All We Need Is Love
By Brigid Godwin
Who doesn’t like a cuddle huh? That warm oozy feeling blended with the sweet unique scent of a loved one is absolutely one of life’s nuggets of joy. Nature rewards us with gifts when we are behaving in a way that supports socialisation and therefore the ongoing success of our species. So perhaps it’s not such a surprise to find out that cuddles and close physical contact with others are more than just nice, they are essential to our health and happiness. And nobody needs more cuddles than a new born baby does!
Dr Frederick Leboyer states in his in his ground-breaking 1974 book, ‘Childbirth without Violence’:
‘Being touched and caressed,
Being massaged, is food for the infant.
Food as necessary as minerals,
Vitamins, and proteins.’
Dr Frederick Leboyer.
When babies are born, the sensory overload can be incredibly upsetting for them. Leboyer paints a very graphic picture of a baby’s first terrifying moments in this world.
‘The nightmare of being born is not so much the pain as the fear. For the baby, the world is a terrifying place.’
These tiny creatures are raw sensory beings who feel things hugely and with little ability to self-regulate their stress levels. How well their stress is managed by their parents through touch, movement and massage has been proven to have far reaching implications for their physical and phycological wellbeing into adulthood.
A baby has been exposed to movement and touch throughout their gestation, but the process of being born vaginally gives baby it’s first full body massage. The huge squeeze of the uterus and the pressure through the tissue and bones of the pelvis help to dispel the amniotic fluid from baby’s lungs and readies their lungs for breathing. That first massage is also helping to stimulate their circulation and nervous systems giving them a kick start as they transition from aquatic to mammal.
When my cat gave birth to her 5 kittens under my bed, as each one of them was born she welcomed it into the world with a vigorous bath! While they were tiny she would spend hours every day licking them which served not only to clean them but more vitally to help their digestive functioning. Vimala McClure in her book ‘Infant Massage’ points out that kittens that are not licked sufficiently will die. A study with rats showed that rats who were gently stroked in infancy had higher immunity, faster weight gain and better neurological function.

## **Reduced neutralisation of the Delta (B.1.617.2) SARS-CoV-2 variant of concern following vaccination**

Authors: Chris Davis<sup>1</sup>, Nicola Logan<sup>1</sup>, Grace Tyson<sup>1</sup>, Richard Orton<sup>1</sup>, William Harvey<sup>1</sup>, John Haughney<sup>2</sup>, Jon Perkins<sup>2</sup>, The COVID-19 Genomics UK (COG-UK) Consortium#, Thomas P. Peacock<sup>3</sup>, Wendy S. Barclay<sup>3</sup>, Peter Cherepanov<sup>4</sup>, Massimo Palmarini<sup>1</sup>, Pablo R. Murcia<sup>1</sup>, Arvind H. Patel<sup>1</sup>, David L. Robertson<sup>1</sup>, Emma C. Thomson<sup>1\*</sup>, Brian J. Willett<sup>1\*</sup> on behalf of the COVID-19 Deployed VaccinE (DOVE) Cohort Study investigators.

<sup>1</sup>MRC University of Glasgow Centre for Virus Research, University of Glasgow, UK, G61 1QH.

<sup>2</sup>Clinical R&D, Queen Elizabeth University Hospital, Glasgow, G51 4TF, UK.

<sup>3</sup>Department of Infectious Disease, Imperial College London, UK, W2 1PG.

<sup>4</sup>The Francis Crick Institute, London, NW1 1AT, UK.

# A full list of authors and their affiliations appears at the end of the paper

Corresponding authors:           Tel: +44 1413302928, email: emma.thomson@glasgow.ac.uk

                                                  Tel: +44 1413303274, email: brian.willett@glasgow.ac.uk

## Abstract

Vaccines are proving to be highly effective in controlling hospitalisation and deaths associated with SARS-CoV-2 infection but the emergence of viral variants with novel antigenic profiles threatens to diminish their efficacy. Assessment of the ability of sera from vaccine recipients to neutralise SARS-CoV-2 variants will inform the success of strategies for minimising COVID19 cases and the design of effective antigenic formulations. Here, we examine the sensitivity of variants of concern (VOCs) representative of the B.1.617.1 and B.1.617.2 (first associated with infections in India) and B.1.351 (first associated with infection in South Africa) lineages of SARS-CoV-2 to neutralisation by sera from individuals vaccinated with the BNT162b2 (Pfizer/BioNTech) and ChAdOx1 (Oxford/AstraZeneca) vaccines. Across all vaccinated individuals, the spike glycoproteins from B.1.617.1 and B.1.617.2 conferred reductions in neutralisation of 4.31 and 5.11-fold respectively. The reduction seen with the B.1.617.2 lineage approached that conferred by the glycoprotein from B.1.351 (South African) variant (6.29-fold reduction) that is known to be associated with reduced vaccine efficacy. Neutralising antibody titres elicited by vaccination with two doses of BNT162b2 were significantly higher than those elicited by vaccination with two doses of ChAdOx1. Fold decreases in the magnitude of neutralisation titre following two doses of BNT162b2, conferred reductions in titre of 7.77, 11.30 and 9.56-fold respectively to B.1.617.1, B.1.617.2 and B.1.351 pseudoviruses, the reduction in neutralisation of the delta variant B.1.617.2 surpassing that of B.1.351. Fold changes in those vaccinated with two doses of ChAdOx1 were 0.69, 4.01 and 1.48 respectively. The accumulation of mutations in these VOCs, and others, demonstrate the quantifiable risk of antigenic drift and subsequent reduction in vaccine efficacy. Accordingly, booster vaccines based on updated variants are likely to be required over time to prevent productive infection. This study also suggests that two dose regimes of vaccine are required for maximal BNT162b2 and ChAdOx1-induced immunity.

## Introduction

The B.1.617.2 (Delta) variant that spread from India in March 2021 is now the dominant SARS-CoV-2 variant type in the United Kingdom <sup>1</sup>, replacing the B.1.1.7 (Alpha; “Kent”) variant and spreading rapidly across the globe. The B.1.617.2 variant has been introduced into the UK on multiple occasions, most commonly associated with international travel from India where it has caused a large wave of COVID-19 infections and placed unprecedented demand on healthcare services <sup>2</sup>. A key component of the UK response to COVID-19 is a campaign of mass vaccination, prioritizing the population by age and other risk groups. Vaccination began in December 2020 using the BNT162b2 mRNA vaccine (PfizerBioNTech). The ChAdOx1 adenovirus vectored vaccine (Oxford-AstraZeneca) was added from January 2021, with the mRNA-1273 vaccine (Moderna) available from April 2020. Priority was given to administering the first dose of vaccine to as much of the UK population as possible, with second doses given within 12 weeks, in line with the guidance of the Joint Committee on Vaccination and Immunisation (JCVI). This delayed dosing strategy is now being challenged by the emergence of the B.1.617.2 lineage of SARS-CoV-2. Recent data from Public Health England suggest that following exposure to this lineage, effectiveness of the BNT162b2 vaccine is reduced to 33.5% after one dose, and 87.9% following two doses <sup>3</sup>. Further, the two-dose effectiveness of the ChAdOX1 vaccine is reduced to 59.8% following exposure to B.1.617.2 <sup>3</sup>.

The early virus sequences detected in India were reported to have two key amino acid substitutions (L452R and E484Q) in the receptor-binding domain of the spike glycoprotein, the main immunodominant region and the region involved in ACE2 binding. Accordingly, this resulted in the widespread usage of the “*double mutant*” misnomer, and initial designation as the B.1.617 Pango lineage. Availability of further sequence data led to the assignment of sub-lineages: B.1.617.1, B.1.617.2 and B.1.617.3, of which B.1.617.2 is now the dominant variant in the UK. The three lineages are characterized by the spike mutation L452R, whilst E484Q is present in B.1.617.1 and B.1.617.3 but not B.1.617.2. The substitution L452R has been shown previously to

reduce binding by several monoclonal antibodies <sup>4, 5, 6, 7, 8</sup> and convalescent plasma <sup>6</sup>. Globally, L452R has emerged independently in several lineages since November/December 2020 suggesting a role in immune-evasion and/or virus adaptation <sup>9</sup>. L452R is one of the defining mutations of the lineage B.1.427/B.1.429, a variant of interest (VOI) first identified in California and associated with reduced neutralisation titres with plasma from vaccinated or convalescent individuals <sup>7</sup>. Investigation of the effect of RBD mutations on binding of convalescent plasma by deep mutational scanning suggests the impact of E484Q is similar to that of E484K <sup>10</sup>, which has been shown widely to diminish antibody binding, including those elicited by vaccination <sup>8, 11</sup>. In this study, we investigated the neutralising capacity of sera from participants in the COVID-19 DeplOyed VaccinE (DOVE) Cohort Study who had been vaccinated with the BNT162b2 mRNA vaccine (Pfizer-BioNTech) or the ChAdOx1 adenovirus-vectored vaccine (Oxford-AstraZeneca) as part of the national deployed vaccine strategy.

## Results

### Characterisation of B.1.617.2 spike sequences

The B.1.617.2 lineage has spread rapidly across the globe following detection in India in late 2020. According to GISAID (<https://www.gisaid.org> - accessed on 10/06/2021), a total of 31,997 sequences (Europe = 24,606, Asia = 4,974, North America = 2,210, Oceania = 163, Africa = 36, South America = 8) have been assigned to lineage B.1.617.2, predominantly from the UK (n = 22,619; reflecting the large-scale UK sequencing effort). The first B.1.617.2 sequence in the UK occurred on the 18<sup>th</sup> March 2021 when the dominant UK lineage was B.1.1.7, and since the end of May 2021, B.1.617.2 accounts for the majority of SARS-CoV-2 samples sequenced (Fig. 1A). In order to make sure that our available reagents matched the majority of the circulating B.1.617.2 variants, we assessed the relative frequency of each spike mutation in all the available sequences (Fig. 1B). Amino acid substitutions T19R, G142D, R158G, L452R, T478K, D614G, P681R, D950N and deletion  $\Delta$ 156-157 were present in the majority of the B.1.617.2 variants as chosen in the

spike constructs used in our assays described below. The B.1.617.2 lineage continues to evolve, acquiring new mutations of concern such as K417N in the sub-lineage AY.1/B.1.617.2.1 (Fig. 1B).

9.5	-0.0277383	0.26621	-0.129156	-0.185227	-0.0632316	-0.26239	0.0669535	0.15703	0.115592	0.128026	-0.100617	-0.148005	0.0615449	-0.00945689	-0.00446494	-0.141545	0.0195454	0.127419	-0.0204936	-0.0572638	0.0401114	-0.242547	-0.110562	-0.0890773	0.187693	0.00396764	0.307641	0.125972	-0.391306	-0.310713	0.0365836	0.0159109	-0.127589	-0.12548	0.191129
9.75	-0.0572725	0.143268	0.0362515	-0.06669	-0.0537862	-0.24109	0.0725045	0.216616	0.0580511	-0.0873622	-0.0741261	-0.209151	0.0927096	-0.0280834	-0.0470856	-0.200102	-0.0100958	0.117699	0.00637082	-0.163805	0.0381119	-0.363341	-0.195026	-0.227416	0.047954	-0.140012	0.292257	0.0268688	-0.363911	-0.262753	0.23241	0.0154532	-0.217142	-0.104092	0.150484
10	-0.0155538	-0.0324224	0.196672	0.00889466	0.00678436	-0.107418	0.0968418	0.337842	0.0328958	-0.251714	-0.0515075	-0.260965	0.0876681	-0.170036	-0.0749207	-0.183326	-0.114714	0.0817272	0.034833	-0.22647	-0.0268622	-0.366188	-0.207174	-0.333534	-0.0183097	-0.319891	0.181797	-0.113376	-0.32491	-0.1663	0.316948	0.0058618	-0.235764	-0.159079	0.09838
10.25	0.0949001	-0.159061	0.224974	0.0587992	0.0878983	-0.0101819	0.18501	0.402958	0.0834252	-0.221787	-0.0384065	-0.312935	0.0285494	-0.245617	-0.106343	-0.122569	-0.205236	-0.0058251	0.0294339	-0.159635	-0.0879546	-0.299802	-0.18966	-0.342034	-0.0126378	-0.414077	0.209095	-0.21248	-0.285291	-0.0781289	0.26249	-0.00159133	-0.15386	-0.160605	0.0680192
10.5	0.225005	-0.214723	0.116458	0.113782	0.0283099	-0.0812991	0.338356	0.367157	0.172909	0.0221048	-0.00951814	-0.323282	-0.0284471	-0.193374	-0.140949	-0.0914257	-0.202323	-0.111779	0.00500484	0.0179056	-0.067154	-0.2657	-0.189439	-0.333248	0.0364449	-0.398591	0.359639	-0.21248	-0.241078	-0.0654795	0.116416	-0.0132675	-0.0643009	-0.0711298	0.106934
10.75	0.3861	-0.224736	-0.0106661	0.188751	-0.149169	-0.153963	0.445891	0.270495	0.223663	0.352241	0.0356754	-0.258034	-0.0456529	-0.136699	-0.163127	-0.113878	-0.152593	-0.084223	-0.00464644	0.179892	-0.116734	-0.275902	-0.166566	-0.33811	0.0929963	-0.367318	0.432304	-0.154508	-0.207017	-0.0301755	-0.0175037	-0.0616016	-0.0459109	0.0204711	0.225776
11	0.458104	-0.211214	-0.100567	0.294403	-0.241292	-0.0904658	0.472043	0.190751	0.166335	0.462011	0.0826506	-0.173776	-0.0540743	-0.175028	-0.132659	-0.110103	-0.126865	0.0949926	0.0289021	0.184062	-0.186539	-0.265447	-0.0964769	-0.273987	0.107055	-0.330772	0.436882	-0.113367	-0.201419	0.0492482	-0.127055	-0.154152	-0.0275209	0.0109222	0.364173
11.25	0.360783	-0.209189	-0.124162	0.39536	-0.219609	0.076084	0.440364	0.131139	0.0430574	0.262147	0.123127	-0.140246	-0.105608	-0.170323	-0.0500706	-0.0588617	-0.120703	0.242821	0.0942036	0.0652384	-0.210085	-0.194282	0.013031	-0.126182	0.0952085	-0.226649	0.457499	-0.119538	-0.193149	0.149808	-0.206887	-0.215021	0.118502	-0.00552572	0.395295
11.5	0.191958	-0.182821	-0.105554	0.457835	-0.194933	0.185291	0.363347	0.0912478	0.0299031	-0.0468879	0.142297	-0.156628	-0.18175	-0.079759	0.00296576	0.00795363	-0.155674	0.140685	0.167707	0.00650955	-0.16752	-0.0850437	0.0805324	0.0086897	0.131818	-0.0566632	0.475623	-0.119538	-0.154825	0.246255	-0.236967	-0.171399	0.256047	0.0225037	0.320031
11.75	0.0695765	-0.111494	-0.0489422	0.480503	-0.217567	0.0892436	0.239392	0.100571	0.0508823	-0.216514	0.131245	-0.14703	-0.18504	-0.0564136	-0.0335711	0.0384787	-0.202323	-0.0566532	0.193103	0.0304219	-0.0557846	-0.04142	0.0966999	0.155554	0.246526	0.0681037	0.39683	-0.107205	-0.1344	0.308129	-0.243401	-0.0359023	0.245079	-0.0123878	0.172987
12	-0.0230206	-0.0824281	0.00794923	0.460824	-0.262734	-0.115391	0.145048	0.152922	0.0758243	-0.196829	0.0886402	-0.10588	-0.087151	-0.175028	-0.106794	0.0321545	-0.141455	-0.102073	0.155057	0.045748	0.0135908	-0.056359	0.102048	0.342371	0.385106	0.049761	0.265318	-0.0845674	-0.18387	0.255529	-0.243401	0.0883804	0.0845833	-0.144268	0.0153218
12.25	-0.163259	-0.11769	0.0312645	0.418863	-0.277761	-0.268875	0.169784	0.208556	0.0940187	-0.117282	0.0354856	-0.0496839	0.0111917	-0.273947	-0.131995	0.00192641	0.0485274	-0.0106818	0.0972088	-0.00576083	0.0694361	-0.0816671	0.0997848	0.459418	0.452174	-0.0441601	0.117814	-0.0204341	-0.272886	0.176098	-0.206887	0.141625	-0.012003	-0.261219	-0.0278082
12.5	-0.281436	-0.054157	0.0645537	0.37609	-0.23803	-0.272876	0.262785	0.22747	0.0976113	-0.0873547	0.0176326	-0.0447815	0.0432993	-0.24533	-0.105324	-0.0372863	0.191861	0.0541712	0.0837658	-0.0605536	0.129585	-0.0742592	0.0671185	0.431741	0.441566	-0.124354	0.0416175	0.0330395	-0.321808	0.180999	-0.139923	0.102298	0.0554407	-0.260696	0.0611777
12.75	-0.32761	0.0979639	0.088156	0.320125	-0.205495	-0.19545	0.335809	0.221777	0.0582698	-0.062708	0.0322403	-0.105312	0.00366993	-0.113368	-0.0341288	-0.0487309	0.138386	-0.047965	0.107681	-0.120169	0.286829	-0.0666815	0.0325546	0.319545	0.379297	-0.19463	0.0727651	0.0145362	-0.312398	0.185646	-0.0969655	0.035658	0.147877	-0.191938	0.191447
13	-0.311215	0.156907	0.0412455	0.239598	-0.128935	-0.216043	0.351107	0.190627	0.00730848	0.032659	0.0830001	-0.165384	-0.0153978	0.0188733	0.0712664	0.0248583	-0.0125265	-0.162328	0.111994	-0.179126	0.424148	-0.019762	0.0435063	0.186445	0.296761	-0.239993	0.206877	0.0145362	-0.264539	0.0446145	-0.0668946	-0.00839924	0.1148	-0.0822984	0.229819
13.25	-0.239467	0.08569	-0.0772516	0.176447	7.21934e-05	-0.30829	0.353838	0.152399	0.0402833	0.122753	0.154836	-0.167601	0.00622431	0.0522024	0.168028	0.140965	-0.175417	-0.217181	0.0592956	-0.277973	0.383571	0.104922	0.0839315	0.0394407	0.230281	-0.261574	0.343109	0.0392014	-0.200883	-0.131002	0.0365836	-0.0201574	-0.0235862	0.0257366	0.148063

During birth Mother Nature also welcomes the baby with a gift of love in the form of the intoxicating and pleasure giving hormones, oxytocin and endorphins.
Oxytocin is produced in abundance during delivery by both mother and baby and shared between the two across the placenta. It is the hormone that helped mum’s uterus launch the baby out, but also, on delivery is now saturating mum and baby’s brains making them feel totally connected, calm and in love. Oxytocin isn’t just produced when giving birth, it is also produced when we feel physical or emotional connection to others; cuddles, sex, breast feeding, deep conversations, holding hands, massage and even thinking about a loved one all produce oxytocin. Those first cuddles lay the foundations of successful bonding helping mother and baby to feel deeply and passionately connected. Well bonded parents will kiss and touch their babies often. Ongoing massage, cradling and rocking keeps the oxytocin flowing between baby and it’s parents ensuring a healthy bond and a happy family even through the stresses of parenthood.
Endorphins, powerful opiates that help mum and baby cope with the intensity of the birthing sensations also stay raised for the hours after birth making mum and baby both feel ‘high’ as well as engendering feelings of mutual dependency. Endorphins also have the incredible function of giving mum the desire to reach out to others for help, therefore ensuring that she gets the support she needs to look after her baby properly! How clever is that?!
Other magic takes place in that first cuddle. As mum gazes into her baby’s eyes, perhaps taking it to her breast for a first feed and smelling her unique smell, the warmth of mum’s body enables baby to regulate its body temperature while mum’s friendly bacteria populate babies skin and digestive tract ensuring the health of their gut and their ability to digest mums milk properly. But that’s still only the start, as Vimala McClure is about to explain: